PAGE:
Restaurant management 101: scheduling takes time. A lot of time. Wouldn't it be nice for store managers to spend less time approving schedules and more time doing . . . anything else? Wouldn't that potentially lead to improved speed of service?
By having visibility into schedules for multiple stores simultaneously, above-store leaders can approve schedules more efficiently than shift runners and store managers. The in-store leaders will still need to know the details about their schedules, especially when it comes to variance – but shifting the approvals to a more centralized role allows above-store leaders to give valuable time back to shift runners and store managers, who can use that time to focus on improving speed of service.
Additionally, having above-store leaders approve schedules is especially helpful in managing team members who work multiple stores; an above-store leader can easily monitor for coverage, overtime, and other common scheduling concerns with floating team members.
When it comes to identifying top performers across multiple stores, no one is better positioned than an above-store leader. Each individual store has its top team members (who are hopefully being recognized for their efforts via an incentive program), but a field leader can easily pick out the overall top performers across each of your stores.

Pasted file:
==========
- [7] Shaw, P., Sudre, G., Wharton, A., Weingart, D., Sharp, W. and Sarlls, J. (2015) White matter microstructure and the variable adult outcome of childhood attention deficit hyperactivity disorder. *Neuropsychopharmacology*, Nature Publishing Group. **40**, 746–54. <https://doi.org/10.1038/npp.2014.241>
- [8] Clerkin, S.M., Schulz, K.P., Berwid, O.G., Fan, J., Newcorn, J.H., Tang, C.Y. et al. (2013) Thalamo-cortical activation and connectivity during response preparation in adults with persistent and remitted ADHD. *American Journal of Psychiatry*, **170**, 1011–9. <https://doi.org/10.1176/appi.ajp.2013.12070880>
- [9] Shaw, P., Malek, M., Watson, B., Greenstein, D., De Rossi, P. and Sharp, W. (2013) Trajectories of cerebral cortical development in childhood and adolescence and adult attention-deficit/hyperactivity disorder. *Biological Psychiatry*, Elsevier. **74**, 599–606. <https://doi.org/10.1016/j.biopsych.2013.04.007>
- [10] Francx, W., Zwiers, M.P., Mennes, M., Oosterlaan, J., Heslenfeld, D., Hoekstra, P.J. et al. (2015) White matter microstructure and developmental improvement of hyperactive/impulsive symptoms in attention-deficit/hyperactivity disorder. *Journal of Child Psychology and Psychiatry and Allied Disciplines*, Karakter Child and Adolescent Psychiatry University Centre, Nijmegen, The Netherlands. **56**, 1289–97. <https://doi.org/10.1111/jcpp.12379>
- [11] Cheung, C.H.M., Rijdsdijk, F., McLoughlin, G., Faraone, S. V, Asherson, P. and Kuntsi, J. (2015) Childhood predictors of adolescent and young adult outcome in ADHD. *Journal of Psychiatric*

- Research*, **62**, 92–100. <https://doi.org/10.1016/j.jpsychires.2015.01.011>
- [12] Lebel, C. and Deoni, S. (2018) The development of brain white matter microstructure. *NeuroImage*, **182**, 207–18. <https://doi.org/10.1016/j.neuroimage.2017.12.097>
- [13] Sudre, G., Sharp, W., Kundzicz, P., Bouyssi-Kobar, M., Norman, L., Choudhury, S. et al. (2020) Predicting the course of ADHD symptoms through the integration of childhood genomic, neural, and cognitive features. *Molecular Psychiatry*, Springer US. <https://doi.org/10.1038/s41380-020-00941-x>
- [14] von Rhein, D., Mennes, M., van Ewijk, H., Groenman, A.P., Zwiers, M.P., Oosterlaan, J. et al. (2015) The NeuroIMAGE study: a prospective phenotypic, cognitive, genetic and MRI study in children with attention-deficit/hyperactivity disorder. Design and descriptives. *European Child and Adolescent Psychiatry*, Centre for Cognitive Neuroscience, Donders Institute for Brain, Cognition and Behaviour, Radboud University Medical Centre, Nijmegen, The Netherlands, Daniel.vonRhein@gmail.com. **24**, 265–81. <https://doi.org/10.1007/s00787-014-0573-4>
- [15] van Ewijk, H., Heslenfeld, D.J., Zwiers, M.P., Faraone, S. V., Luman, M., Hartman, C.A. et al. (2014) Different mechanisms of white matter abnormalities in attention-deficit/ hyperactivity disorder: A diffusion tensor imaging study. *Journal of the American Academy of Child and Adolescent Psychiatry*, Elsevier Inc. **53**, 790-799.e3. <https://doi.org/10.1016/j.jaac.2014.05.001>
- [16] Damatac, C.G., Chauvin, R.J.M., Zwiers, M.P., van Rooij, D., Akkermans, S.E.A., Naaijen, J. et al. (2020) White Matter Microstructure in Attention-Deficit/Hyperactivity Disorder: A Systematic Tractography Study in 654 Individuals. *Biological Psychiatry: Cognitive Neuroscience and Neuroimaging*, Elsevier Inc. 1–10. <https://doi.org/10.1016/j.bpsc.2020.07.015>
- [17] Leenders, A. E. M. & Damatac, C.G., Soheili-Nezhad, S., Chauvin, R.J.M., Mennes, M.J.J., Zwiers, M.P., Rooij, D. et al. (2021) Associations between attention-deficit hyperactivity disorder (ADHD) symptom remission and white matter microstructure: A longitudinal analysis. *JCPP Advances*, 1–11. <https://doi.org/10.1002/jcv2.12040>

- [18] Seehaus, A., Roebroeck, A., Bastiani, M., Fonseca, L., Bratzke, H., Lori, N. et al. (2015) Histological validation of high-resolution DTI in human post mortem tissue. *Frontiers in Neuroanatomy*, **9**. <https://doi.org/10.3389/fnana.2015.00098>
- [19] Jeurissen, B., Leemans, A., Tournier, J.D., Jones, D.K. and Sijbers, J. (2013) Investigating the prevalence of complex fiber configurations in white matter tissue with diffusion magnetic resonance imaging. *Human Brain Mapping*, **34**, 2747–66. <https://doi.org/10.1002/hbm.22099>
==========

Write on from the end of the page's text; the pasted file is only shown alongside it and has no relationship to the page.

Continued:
Identifying top performers across stores can improve speed of service in a number of ways. You should already be making sure the best team members are being recognized, which improves employee retention rates. Above-store leaders can take this a step further and implement competitions between stores, with rewards for speed and quality, for example. Field leaders can really make employee recognition stand out by bringing top-performing stores and team members into a bigger spotlight.
Top performers in one store can then share their experience with other stores, which can create a snowball effect of employee best practices – with the best ideas in one store becoming common practice for all your stores. And perhaps most importantly, identifying top performers across stores is a great way to find potential future store leaders, who will continue to drive innovation and optimize speed of service in the future.